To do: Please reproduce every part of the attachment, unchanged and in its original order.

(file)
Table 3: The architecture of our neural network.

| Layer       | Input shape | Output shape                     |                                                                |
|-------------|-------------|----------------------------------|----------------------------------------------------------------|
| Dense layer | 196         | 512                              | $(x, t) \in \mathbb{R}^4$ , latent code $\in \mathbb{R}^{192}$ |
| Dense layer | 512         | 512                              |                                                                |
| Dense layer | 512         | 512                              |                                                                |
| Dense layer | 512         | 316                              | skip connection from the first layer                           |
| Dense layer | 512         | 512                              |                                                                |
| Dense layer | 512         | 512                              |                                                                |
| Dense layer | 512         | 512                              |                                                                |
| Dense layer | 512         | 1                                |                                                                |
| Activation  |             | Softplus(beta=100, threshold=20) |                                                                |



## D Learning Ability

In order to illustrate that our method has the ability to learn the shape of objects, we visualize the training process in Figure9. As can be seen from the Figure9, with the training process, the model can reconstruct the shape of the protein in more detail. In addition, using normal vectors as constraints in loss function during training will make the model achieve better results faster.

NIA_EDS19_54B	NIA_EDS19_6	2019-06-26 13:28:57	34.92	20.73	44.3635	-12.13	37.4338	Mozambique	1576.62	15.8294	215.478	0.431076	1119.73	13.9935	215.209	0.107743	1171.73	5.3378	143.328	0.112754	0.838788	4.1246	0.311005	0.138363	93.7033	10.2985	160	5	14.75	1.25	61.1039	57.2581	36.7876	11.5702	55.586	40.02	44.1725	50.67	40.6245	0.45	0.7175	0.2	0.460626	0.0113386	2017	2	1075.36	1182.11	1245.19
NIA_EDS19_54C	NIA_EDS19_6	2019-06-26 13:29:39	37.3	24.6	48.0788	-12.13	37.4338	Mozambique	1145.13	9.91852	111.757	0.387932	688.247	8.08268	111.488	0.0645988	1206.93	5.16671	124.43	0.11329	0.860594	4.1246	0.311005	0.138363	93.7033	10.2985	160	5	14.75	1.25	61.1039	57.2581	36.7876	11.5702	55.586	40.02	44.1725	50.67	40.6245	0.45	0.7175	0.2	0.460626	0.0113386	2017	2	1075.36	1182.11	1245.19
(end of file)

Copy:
Table 3: The architecture of our neural network.

| Layer       | Input shape | Output shape                     |                                                                |
|-------------|-------------|----------------------------------|----------------------------------------------------------------|
| Dense layer | 196         | 512                              | $(x, t) \in \mathbb{R}^4$ , latent code $\in \mathbb{R}^{192}$ |
| Dense layer | 512         | 512                              |                                                                |
| Dense layer | 512         | 512                              |                                                                |
| Dense layer | 512         | 316                              | skip connection from the first layer                           |
| Dense layer | 512         | 512                              |                                                                |
| Dense layer | 512         | 512                              |                                                                |
| Dense layer | 512         | 512                              |                                                                |
| Dense layer | 512         | 1                                |                                                                |
| Activation  |             | Softplus(beta=100, threshold=20) |                                                                |



## D Learning Ability

In order to illustrate that our method has the ability to learn the shape of objects, we visualize the training process in Figure9. As can be seen from the Figure9, with the training process, the model can reconstruct the shape of the protein in more detail. In addition, using normal vectors as constraints in loss function during training will make the model achieve better results faster.

NIA_EDS19_54B	NIA_EDS19_6	2019-06-26 13:28:57	34.92	20.73	44.3635	-12.13	37.4338	Mozambique	1576.62	15.8294	215.478	0.431076	1119.73	13.9935	215.209	0.107743	1171.73	5.3378	143.328	0.112754	0.838788	4.1246	0.311005	0.138363	93.7033	10.2985	160	5	14.75	1.25	61.1039	57.2581	36.7876	11.5702	55.586	40.02	44.1725	50.67	40.6245	0.45	0.7175	0.2	0.460626	0.0113386	2017	2	1075.36	1182.11	1245.19
NIA_EDS19_54C	NIA_EDS19_6	2019-06-26 13:29:39	37.3	24.6	48.0788	-12.13	37.4338	Mozambique	1145.13	9.91852	111.757	0.387932	688.247	8.08268	111.488	0.0645988	1206.93	5.16671	124.43	0.11329	0.860594	4.1246	0.311005	0.138363	93.7033	10.2985	160	5	14.75	1.25	61.1039	57.2581	36.7876	11.5702	55.586	40.02	44.1725	50.67	40.6245	0.45	0.7175	0.2	0.460626	0.0113386	2017	2	1075.36	1182.11	1245.19